"First thing you have to do, Stevie, is clean up this mess," I said. I tried to sound stern.
Stevie looked at me, and then at his mother, then pulled out one of the napkins. It had "Something for Stevie printed on the outside. As he picked it up, two $10 bills fell onto the table. Stevie stared at the money, then at all the napkins peeking from beneath the tableware, each with his name printed or scrawled on it.
I turned to his mother. "There's more than $10, 000 in cash and checks on that table, all from truckers and trucking companies that heard about your problems. Happy Thanksgiving."
Well, it got real noisy about that time, with everybody hollering and shouting, and there were a few tears, as well. But you know what's funny? While everybody else was busy shaking hands and hugging each other, Stevie, with a big, big smile on his face, was busy clearing all the cups and dishes from the table. . . Best worker I ever hired.
"SOMETHING FOR STEVIE" By Dan Anderson
(Harold Chaffee, Jo Kuhlmeyer, Sharon Hamel)
~~~~~~~ THIS & THAT:
THINGS CHILDREN SAY:
A mother took her three-year-old daughter to church for the first time. The church lights were lowered, and then the choir came down the aisle, carrying lighted candles. All was quiet until the little one started to sing in a loud voice, "Happy Birthday to you, happy birthday to you. . . ." - Author Unknown
The old pastor made it to a practice to visit the parish school one day a week. He walked into the 4th grade class, where the children were studying the states, and asked them how many states they could name. They came up with about 40 names. He jokingly told them that in his day students knew the names of all the states. One lad raised his hand and said, "Yes, but in those days there were only 13."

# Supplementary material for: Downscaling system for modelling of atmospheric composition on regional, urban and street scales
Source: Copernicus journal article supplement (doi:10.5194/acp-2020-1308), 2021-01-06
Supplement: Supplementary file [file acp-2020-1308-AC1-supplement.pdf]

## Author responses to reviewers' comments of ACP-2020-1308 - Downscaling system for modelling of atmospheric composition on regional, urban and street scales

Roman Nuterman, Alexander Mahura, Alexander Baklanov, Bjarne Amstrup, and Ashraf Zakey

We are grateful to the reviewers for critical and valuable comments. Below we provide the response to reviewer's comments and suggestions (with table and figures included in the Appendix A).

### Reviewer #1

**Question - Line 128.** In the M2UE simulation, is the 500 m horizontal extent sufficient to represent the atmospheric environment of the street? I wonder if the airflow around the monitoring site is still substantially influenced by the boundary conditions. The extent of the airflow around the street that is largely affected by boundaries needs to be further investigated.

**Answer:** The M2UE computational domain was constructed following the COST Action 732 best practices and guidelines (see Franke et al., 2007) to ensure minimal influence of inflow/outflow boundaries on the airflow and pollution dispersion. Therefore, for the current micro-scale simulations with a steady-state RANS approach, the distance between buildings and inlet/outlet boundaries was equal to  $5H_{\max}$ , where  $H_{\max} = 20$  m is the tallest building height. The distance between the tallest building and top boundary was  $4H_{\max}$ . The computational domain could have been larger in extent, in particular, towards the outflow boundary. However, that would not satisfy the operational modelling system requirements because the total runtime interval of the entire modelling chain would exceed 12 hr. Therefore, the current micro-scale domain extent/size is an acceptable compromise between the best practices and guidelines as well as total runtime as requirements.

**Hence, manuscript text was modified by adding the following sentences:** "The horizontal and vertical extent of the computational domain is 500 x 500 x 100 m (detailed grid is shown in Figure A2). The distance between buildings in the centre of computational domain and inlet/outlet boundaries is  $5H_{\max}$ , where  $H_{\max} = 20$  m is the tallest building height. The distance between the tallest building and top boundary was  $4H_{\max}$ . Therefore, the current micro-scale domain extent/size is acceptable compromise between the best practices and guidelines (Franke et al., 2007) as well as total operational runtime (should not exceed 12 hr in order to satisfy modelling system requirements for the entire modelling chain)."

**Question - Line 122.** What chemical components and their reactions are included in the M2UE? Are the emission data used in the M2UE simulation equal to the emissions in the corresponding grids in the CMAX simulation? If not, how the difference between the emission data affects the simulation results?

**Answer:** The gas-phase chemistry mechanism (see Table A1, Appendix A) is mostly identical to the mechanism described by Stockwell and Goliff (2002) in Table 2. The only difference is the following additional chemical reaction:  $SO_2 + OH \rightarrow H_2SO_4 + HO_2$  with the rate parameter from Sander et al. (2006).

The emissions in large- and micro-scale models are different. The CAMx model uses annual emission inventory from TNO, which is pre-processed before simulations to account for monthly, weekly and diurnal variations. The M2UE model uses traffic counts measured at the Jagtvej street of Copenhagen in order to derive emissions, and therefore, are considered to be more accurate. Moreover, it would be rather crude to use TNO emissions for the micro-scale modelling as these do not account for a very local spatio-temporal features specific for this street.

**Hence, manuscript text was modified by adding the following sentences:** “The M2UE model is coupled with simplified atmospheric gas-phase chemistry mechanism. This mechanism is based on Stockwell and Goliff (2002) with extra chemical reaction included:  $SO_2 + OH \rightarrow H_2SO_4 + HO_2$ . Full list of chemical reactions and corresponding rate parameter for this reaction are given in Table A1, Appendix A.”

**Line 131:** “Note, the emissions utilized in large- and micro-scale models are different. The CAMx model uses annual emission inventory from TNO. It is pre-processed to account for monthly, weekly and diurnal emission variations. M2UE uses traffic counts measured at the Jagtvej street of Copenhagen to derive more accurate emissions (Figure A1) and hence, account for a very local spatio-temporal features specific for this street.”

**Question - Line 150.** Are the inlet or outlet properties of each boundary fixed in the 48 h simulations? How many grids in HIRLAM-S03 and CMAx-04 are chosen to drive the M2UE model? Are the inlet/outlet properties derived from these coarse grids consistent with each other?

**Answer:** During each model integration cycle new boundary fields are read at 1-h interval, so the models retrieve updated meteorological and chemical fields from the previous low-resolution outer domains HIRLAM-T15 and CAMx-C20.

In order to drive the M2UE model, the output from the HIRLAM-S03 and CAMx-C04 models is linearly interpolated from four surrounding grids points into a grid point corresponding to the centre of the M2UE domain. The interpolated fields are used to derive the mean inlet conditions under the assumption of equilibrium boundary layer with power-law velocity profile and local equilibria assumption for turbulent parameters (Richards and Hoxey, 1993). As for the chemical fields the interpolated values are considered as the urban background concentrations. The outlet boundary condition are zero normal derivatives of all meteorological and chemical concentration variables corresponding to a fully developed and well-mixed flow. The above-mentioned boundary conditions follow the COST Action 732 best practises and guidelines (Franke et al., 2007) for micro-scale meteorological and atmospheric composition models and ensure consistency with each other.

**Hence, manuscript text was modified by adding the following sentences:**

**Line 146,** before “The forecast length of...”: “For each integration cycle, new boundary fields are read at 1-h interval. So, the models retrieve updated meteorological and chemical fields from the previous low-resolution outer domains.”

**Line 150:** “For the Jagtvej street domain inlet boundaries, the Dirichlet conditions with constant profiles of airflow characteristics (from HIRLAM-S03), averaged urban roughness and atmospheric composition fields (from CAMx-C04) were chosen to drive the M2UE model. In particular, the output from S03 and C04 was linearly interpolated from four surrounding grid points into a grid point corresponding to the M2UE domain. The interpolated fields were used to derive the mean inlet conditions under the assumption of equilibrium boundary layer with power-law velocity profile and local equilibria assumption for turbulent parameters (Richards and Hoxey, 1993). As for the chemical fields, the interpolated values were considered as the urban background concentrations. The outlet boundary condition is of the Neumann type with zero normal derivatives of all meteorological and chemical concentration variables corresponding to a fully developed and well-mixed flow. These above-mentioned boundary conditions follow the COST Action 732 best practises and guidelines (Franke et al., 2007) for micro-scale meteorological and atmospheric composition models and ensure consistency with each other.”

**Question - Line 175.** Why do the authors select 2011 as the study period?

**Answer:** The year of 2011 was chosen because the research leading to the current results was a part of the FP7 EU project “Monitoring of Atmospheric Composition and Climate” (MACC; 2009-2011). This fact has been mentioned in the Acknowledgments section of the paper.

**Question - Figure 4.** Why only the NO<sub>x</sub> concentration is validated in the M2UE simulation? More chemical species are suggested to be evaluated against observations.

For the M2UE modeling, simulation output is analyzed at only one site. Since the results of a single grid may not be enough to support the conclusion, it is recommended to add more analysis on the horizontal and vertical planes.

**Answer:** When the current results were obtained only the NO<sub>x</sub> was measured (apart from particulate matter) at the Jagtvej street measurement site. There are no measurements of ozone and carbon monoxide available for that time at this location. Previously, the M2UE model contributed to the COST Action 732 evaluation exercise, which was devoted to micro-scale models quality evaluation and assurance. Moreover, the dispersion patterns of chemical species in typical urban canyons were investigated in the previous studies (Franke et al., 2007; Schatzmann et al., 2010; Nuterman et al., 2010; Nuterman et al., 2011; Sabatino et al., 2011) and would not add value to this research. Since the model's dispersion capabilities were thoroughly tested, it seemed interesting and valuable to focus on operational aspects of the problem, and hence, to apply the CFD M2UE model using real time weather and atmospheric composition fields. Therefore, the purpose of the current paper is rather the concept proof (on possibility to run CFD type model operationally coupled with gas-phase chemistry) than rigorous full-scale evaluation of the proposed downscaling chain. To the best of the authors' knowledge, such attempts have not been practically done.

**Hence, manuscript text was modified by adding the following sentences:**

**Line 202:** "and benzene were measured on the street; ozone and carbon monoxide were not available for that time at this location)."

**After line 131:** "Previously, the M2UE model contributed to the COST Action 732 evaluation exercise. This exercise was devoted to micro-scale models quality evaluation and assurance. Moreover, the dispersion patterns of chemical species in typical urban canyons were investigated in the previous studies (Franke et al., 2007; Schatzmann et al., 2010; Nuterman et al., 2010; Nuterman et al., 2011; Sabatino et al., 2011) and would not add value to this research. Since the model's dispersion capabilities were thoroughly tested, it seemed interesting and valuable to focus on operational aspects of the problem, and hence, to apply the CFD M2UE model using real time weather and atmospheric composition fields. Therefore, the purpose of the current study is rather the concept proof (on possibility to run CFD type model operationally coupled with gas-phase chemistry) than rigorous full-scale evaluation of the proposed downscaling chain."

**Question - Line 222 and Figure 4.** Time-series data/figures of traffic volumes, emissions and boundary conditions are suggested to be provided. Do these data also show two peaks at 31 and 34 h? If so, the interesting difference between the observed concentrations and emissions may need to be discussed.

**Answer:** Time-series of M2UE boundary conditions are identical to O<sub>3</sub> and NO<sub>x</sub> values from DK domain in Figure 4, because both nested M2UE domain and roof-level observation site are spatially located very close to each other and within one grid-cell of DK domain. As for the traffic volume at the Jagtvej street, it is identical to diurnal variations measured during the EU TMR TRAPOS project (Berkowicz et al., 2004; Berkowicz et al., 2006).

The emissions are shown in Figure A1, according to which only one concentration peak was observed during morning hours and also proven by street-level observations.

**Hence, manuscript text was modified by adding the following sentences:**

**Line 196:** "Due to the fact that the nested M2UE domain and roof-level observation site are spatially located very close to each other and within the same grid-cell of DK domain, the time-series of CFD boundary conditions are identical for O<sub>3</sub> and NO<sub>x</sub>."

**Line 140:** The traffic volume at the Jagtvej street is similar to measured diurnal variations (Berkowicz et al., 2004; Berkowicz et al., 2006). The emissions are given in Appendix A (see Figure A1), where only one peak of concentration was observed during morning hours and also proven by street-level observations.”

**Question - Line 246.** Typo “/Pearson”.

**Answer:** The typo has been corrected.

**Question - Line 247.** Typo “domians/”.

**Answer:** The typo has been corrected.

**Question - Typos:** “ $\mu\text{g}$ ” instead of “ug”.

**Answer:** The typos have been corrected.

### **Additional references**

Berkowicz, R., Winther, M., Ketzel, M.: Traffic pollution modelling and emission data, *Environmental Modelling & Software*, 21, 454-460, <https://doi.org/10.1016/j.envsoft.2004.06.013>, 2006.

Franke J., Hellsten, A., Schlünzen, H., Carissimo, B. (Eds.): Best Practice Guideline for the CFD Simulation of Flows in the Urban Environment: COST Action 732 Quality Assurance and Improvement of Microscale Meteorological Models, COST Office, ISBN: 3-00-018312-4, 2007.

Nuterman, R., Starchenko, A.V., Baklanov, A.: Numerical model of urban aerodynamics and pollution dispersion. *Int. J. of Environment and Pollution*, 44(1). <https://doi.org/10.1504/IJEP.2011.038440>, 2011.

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A Sunday School teacher began her lesson with a question.
"Boys and girls, what do we know about God?"
A hand shot up in the air.
"He is an artist!" said the kindergarten boy.
"Really?! How do you know?" the teacher asked.
"You know - 'Our Father, who does art in Heaven. . ."
(Tony and Diane)
The teacher spent the entire hour reading to her class about the bison family. When she had finished, she said, "Name some things that are very dangerous to get near to and have horns." Little Johnny spoke up without hesitation, "Automobiles?"
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~~~~~~~ KEEP SMILING:
A mother was watching her four-year-old child playing outside in a small plastic pool half filled with water. He was happily walking back and forth across the pool, making big splashes. Suddenly, he stopped, stepped out of the pool, and began to scoop water out of the pool with a pail. "Why are you pouring the water out, Johnny?" the mother asked. "'Cause my teacher said Jesus walked on water, and this water won't work." The boy replied. - Author Unknown
Diana would have been Queen of England, so why isn't Prince Phillip a king? There are two kinds of queens. There is the "Queen Consort" who receives her title by marrying into the Royal family and there is "Queen Regnant" whose title is bestowed by birth and is the head of state. This applies to only the female side of the royal family, though. Men who marry the Queen aren't named "King Consort." The male ego being such a fragile thing, it was determined that, while it's fitting for a queen to be subordinate to a king, a king can't be subordinate to a queen. Therefore a man married to a Queen Regnant remains a Prince. It's okay though, either way, whether regnant or consort, you still get to wear the jewels and sit in the fancy chair. - "Straight Dope" Column. . . copyright by Cecil Adams